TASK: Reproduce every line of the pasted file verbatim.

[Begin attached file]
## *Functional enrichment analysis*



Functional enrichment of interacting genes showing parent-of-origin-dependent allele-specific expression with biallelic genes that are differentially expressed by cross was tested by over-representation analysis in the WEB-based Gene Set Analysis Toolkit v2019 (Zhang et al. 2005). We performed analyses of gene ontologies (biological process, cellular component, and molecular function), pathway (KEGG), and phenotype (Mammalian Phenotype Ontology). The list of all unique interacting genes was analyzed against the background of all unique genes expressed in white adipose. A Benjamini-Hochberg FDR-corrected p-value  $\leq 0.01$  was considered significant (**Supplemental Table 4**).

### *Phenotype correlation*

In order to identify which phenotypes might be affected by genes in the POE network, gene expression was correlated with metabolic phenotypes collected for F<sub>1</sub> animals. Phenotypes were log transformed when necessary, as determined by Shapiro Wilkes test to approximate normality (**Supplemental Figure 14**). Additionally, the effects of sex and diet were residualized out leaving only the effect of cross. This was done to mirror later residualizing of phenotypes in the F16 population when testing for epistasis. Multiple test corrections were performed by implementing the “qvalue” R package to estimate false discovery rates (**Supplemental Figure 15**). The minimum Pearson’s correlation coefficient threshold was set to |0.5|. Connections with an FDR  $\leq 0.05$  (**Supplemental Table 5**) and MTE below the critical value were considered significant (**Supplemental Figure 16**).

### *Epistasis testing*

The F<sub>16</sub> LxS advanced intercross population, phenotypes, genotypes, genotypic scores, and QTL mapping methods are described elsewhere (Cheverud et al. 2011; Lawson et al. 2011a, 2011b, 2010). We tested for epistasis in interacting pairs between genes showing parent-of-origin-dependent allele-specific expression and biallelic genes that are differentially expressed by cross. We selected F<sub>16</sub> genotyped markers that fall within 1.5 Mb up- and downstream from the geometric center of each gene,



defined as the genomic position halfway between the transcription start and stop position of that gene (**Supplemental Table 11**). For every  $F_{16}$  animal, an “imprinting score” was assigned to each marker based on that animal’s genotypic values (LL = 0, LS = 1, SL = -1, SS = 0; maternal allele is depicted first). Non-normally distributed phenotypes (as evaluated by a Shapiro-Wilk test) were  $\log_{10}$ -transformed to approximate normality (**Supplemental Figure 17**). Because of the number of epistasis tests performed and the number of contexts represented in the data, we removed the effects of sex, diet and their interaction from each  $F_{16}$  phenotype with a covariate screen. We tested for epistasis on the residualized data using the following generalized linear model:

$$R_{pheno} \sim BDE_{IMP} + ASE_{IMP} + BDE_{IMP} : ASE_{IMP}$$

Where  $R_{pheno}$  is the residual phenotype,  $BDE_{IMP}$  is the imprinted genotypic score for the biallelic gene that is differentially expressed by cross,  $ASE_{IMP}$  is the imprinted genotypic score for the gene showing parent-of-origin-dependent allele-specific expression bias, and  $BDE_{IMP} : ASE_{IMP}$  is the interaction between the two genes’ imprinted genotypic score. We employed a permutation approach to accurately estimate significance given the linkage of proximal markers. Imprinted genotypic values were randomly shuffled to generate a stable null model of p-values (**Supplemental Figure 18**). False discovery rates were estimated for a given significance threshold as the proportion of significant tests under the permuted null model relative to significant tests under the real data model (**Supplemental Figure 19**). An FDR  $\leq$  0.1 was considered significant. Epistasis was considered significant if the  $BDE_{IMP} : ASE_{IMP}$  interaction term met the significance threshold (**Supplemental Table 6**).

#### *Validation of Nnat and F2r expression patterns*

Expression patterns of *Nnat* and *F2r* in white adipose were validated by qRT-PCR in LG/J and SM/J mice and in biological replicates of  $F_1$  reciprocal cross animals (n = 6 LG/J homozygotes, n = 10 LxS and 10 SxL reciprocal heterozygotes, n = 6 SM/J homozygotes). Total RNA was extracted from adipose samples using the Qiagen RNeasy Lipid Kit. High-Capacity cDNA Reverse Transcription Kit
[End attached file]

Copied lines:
## *Functional enrichment analysis*



Functional enrichment of interacting genes showing parent-of-origin-dependent allele-specific expression with biallelic genes that are differentially expressed by cross was tested by over-representation analysis in the WEB-based Gene Set Analysis Toolkit v2019 (Zhang et al. 2005). We performed analyses of gene ontologies (biological process, cellular component, and molecular function), pathway (KEGG), and phenotype (Mammalian Phenotype Ontology). The list of all unique interacting genes was analyzed against the background of all unique genes expressed in white adipose. A Benjamini-Hochberg FDR-corrected p-value  $\leq 0.01$  was considered significant (**Supplemental Table 4**).

### *Phenotype correlation*

In order to identify which phenotypes might be affected by genes in the POE network, gene expression was correlated with metabolic phenotypes collected for F<sub>1</sub> animals. Phenotypes were log transformed when necessary, as determined by Shapiro Wilkes test to approximate normality (**Supplemental Figure 14**). Additionally, the effects of sex and diet were residualized out leaving only the effect of cross. This was done to mirror later residualizing of phenotypes in the F16 population when testing for epistasis. Multiple test corrections were performed by implementing the “qvalue” R package to estimate false discovery rates (**Supplemental Figure 15**). The minimum Pearson’s correlation coefficient threshold was set to |0.5|. Connections with an FDR  $\leq 0.05$  (**Supplemental Table 5**) and MTE below the critical value were considered significant (**Supplemental Figure 16**).

### *Epistasis testing*

The F<sub>16</sub> LxS advanced intercross population, phenotypes, genotypes, genotypic scores, and QTL mapping methods are described elsewhere (Cheverud et al. 2011; Lawson et al. 2011a, 2011b, 2010). We tested for epistasis in interacting pairs between genes showing parent-of-origin-dependent allele-specific expression and biallelic genes that are differentially expressed by cross. We selected F<sub>16</sub> genotyped markers that fall within 1.5 Mb up- and downstream from the geometric center of each gene,



defined as the genomic position halfway between the transcription start and stop position of that gene (**Supplemental Table 11**). For every  $F_{16}$  animal, an “imprinting score” was assigned to each marker based on that animal’s genotypic values (LL = 0, LS = 1, SL = -1, SS = 0; maternal allele is depicted first). Non-normally distributed phenotypes (as evaluated by a Shapiro-Wilk test) were  $\log_{10}$ -transformed to approximate normality (**Supplemental Figure 17**). Because of the number of epistasis tests performed and the number of contexts represented in the data, we removed the effects of sex, diet and their interaction from each  $F_{16}$  phenotype with a covariate screen. We tested for epistasis on the residualized data using the following generalized linear model:

$$R_{pheno} \sim BDE_{IMP} + ASE_{IMP} + BDE_{IMP} : ASE_{IMP}$$

Where  $R_{pheno}$  is the residual phenotype,  $BDE_{IMP}$  is the imprinted genotypic score for the biallelic gene that is differentially expressed by cross,  $ASE_{IMP}$  is the imprinted genotypic score for the gene showing parent-of-origin-dependent allele-specific expression bias, and  $BDE_{IMP} : ASE_{IMP}$  is the interaction between the two genes’ imprinted genotypic score. We employed a permutation approach to accurately estimate significance given the linkage of proximal markers. Imprinted genotypic values were randomly shuffled to generate a stable null model of p-values (**Supplemental Figure 18**). False discovery rates were estimated for a given significance threshold as the proportion of significant tests under the permuted null model relative to significant tests under the real data model (**Supplemental Figure 19**). An FDR  $\leq$  0.1 was considered significant. Epistasis was considered significant if the  $BDE_{IMP} : ASE_{IMP}$  interaction term met the significance threshold (**Supplemental Table 6**).

#### *Validation of Nnat and F2r expression patterns*

Expression patterns of *Nnat* and *F2r* in white adipose were validated by qRT-PCR in LG/J and SM/J mice and in biological replicates of  $F_1$  reciprocal cross animals (n = 6 LG/J homozygotes, n = 10 LxS and 10 SxL reciprocal heterozygotes, n = 6 SM/J homozygotes). Total RNA was extracted from adipose samples using the Qiagen RNeasy Lipid Kit. High-Capacity cDNA Reverse Transcription Kit